Managing Your New Diabetes Diagnosis
A new diabetes diagnosis can come as a shock—and then comes the avalanche of information. While it’s completely understandable to feel overwhelmed, we assure you, your confidence will grow as you get a good grasp on the basics. Here are a few things you should know now to feel empowered about your health.
Don’t play the self-blame game
There are many genetic and environmental factors that played a role in your diagnosis. Having diabetes means your body isn’t functioning as it should, and that is not your fault. What matters is what you can do to improve your outcome going forward.
Diabetes isn’t curable, but it is absolutely manageable. With care and consistency, you can live a long and healthy life. Though there can be very serious consequences if the disease progresses without treatment, know that these outcomes are largely avoidable. Commit now to following your treatment plan and learning everything you can about your diagnosis. You won’t be alone—our pharmacists and care specialists will be there to help. Your lifestyle will play a large role in managing this disease and that’s great news. It means you have power over your future health.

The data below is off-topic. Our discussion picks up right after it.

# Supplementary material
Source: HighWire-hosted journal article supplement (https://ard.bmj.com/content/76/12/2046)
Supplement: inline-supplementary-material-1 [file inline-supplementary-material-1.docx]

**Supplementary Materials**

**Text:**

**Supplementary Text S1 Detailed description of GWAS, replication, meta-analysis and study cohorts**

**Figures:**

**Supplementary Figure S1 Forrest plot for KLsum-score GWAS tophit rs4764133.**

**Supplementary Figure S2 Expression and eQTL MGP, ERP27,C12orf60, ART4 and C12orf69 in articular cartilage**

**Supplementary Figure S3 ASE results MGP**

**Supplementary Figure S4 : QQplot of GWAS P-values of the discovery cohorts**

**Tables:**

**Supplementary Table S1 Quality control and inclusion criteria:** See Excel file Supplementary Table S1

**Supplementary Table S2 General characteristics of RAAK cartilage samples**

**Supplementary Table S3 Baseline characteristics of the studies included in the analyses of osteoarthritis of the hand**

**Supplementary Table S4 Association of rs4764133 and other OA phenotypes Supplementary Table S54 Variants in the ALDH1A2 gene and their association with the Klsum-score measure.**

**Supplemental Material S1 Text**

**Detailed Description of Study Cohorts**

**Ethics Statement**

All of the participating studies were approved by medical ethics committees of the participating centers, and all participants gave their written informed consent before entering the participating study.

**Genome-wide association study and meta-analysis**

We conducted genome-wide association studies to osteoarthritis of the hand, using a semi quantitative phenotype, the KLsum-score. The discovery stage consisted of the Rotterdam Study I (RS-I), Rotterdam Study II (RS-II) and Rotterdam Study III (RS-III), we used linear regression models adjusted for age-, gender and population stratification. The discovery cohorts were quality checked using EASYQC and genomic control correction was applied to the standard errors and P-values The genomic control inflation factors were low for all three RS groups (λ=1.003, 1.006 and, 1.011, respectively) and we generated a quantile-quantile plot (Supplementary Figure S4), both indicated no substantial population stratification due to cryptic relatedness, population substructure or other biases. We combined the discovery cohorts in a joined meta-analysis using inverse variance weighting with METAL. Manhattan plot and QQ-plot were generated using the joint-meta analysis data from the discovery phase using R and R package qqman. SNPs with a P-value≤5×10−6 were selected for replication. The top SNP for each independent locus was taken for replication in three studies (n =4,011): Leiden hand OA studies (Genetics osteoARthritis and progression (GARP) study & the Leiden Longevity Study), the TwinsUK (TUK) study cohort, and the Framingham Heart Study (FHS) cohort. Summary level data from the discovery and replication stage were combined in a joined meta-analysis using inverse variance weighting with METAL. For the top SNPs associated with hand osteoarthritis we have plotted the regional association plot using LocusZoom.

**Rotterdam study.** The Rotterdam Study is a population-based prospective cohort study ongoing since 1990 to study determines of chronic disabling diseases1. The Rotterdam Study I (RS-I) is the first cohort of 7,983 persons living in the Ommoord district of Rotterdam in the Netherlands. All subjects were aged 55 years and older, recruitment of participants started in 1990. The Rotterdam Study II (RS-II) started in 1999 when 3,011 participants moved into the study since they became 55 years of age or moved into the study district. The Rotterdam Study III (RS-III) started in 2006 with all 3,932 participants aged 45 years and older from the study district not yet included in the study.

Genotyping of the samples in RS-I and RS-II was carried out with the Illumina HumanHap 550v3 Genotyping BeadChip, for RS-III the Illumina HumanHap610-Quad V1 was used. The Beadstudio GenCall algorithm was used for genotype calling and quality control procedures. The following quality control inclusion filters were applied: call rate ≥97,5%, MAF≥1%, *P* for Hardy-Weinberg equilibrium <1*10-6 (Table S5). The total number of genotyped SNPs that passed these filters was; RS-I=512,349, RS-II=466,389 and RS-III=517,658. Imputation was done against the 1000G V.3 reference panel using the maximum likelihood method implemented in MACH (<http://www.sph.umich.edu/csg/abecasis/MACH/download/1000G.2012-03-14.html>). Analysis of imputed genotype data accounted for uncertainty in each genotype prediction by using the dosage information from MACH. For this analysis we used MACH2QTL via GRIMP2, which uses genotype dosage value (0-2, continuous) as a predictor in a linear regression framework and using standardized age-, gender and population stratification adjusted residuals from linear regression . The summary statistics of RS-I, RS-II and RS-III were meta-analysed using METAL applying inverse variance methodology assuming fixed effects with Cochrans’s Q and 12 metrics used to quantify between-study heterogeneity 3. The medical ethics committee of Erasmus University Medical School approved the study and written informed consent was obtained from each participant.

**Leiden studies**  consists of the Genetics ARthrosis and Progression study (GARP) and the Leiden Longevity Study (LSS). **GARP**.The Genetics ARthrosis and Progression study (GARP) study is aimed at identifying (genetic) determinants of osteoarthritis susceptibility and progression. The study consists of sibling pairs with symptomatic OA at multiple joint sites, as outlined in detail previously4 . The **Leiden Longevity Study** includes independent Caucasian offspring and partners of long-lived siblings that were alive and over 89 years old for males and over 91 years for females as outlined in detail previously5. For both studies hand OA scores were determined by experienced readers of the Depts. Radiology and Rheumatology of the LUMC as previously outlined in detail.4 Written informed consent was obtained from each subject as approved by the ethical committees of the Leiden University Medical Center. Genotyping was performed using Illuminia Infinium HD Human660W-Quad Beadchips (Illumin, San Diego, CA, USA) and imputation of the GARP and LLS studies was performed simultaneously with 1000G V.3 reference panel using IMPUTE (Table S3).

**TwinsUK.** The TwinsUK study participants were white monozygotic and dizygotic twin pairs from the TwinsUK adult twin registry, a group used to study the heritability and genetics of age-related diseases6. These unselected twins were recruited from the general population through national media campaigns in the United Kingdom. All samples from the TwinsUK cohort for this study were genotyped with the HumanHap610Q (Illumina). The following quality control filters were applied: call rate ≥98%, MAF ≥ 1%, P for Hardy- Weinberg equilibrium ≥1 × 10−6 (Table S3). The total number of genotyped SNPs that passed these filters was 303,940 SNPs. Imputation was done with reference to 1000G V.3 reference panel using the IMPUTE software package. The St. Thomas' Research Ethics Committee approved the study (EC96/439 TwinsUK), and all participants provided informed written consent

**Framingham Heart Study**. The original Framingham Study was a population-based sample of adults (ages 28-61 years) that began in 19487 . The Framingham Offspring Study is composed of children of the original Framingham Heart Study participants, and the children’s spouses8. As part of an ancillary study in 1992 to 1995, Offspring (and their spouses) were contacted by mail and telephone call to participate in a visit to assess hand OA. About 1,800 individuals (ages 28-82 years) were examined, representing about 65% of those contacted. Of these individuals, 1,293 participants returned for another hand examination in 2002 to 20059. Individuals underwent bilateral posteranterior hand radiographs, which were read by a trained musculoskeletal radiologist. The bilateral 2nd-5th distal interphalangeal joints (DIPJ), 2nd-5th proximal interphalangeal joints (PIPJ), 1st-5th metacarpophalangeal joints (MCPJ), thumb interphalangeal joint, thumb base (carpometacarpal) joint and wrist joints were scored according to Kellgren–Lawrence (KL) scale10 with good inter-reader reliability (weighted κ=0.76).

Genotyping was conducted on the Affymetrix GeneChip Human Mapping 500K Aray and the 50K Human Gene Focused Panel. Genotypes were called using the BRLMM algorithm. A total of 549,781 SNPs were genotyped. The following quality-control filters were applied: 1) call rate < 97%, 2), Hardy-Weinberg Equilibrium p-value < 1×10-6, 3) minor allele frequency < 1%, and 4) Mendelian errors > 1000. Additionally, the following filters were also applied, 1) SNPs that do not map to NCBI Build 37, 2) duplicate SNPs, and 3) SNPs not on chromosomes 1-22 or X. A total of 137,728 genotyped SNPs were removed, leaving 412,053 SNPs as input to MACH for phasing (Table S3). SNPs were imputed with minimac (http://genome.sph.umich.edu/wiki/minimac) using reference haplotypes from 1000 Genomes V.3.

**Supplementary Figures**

Know your numbers
At first, keeping track of your health stats may make your head spin. Know that it gets easier, and soon you’ll be a well-versed pro. To start, the National Institutes of Health (NIH) recommends getting to know three important numbers:
- A1C - This blood test will provide insight into your blood sugar levels over the past few months so you’ll know if your treatment has been working.
- Blood pressure - Diabetes puts you at a higher risk of heart disease, so it’s important to keep this number in a healthy range.
- Cholesterol - Diabetes and high cholesterol often go together, which can further increase your risk of heart disease.
Your doctor can help you understand what your target numbers should be and how you can stay within a safe range. Your goal numbers will be unique to you, so be sure to fully discuss them with your healthcare provider and set up a plan for regular testing and checkups.
Test and learn